Guest appearances

Since my conversion to Orthodox Christianity, I am constantly shocked by how “Orthodox” I must have always been. Nowhere is that more evident then when I get to visit the Protestant churches of my friends and family.

Note to readers, especially the aforementioned friends and family, this is NOT meant as a criticism of your specific churches, but rather part of this continued discussion on WHY I’m no longer happy in many of those specific churches.

I attended one of those churches on Sunday. It was all the things I would have thought I was looking for in a church 10 years ago: friendly, warm, upbeat/talented worship, and a good (but brief) sermon.

As I walked into the cream-colored sanctuary, the absolute only thought in my little brain was “where are the icons.” I was dying for something to kiss, to venerate, to respect. There was no Great Entrance, no time to literally and physically bow in awe of the gift of salvation. There was no corporate prayer. It just doesn’t feel like church without a few “Lord, have mercy”s. And I cannot describe the size of the hole left by the absence of the Eucharist.

The word liturgy comes from the Greek word for, and I’m sure someone can correct me if I’m wrong, an act of the people.

It is this thing we do together. We don’t sit and watch a great concert, or a drama, or a film clip. We don’t clap and sway to the music as if at a dance hall. We come before the throne of the great Triune God and together we seek His face, together we seek His mercy, together we worship Him.

In my church on Sunday, the priest comes out and stands before us, not as one who is between me and God, but as one who helps to lead me, and as one who stands among us.

We are all in this together.

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Author: Rebecca

Orthodox Christian. Writer. SAR K9 handler-in training. All three of those are deeply related.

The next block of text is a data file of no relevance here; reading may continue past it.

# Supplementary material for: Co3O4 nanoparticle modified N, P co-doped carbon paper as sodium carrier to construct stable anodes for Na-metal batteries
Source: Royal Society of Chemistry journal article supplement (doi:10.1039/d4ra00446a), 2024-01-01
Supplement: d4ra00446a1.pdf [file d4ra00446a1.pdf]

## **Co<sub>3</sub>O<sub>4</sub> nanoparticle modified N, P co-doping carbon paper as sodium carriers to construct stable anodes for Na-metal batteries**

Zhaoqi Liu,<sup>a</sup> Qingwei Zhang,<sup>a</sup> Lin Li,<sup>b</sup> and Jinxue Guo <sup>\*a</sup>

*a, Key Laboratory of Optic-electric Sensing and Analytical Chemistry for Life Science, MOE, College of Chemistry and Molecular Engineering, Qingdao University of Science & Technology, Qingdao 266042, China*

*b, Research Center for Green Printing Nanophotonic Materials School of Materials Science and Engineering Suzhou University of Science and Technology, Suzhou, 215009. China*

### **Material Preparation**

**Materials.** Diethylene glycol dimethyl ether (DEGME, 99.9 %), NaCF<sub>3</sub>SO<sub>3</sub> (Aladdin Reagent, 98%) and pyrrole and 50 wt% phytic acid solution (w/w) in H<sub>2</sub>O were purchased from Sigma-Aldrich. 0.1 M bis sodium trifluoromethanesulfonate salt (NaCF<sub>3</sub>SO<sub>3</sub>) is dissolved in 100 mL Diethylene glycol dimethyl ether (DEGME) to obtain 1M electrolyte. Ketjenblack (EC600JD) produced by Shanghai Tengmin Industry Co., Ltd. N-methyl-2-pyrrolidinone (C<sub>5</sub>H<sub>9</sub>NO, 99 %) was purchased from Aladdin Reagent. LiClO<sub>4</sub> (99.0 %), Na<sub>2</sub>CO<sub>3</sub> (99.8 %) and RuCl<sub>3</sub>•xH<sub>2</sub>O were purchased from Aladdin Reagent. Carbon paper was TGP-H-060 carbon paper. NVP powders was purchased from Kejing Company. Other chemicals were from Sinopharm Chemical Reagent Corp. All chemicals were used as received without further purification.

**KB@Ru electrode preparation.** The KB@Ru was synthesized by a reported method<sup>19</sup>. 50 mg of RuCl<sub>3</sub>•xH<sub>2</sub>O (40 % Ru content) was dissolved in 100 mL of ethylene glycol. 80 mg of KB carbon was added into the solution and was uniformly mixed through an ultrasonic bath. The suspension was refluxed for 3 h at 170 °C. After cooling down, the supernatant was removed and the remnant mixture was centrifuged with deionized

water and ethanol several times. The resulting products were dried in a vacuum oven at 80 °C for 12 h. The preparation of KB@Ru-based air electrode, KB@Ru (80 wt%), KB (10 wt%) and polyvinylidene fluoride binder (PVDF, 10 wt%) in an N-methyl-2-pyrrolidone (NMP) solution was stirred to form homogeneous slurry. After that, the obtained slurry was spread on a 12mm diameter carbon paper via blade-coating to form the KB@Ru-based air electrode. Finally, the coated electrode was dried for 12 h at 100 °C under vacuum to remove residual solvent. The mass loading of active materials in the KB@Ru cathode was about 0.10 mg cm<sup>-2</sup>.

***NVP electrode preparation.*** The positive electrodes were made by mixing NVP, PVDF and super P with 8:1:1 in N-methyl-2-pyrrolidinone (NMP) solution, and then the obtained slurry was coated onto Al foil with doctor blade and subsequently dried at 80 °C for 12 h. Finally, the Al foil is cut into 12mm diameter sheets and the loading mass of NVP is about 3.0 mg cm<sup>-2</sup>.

6 thoughts on “Guest appearances”

  1. A few years before I knew anything about Orthodoxy, I was at a baptism at my uncle’s house (big pool in the back yeard.). A few of my cousins were being baptised. And then a couple of other cousins were rebaptised! My oldest son, then 8, asked if he could be rebaptized. I said, “No, its wrong. There is only one baptism”. Boy the look I got from my aunts!

  2. it’s appealing to me that we all do things together. it always has been. and now that we have been involved in highly interactive gatherings, there ain’t no going back sista’.

  3. Am I becoming Orthodox?

    Yes, I know what you mean Bec. As my westernized Christianity “progresses” I realize how much I have become a MTV worship service junkie. Drums, electric guitars and other musical instruments – skits, dramatic presentations, etc… — really have become a draw for me.

    Sure, I often get an emotional lift at the services. Yet, too often I — and according to my family, friends and Pastors over the last 30+ years – the emotional low which follows brings me crashing down, feeling let-down and despondent.

    Over the years I have found that a true experience of worship brings with it a profound change in life. At such times my heart, soul, body – all that I am – is infused with wholeness, a completeness, which is beyond words – but is strangely related to context.

    Accordingly, I must admit – although reluctantly – that when I visited an Orthodox Church I was filled with a mixed bag of thoughts and seemingly innate responses. My Protestant reductionism did not want to give-way to the striking presentation of the Church and its worship services. I wanted to reject the icons, the incense, and especially the priest. My mind was filled with all sorts of justifications which supported my rejection of all I saw, smelled and felt. “This was way too Catholic,” was my most prominent thought.